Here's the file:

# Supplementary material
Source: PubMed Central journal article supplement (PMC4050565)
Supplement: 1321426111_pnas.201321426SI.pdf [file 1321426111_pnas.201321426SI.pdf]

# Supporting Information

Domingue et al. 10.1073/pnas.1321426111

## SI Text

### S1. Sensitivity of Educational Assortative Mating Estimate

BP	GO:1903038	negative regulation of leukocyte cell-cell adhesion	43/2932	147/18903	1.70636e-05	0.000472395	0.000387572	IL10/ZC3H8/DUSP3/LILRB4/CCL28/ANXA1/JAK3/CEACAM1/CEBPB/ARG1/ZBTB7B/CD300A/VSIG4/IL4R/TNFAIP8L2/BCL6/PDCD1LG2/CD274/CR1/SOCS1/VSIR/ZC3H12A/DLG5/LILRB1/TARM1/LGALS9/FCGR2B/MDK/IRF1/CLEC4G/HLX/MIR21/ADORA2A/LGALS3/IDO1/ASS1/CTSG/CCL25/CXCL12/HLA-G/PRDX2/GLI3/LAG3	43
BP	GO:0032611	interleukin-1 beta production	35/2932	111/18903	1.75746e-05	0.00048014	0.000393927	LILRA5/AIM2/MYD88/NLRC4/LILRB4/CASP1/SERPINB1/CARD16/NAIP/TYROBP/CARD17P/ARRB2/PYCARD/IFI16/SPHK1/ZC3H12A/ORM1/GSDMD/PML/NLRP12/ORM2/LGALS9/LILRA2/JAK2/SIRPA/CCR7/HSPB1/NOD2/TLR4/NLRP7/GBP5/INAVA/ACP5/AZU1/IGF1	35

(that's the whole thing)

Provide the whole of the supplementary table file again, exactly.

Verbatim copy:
# Supplementary material
Source: PubMed Central journal article supplement (PMC4050565)
Supplement: 1321426111_pnas.201321426SI.pdf [file 1321426111_pnas.201321426SI.pdf]

# Supporting Information

Domingue et al. 10.1073/pnas.1321426111

## SI Text

### S1. Sensitivity of Educational Assortative Mating Estimate

BP	GO:1903038	negative regulation of leukocyte cell-cell adhesion	43/2932	147/18903	1.70636e-05	0.000472395	0.000387572	IL10/ZC3H8/DUSP3/LILRB4/CCL28/ANXA1/JAK3/CEACAM1/CEBPB/ARG1/ZBTB7B/CD300A/VSIG4/IL4R/TNFAIP8L2/BCL6/PDCD1LG2/CD274/CR1/SOCS1/VSIR/ZC3H12A/DLG5/LILRB1/TARM1/LGALS9/FCGR2B/MDK/IRF1/CLEC4G/HLX/MIR21/ADORA2A/LGALS3/IDO1/ASS1/CTSG/CCL25/CXCL12/HLA-G/PRDX2/GLI3/LAG3	43
BP	GO:0032611	interleukin-1 beta production	35/2932	111/18903	1.75746e-05	0.00048014	0.000393927	LILRA5/AIM2/MYD88/NLRC4/LILRB4/CASP1/SERPINB1/CARD16/NAIP/TYROBP/CARD17P/ARRB2/PYCARD/IFI16/SPHK1/ZC3H12A/ORM1/GSDMD/PML/NLRP12/ORM2/LGALS9/LILRA2/JAK2/SIRPA/CCR7/HSPB1/NOD2/TLR4/NLRP7/GBP5/INAVA/ACP5/AZU1/IGF1	35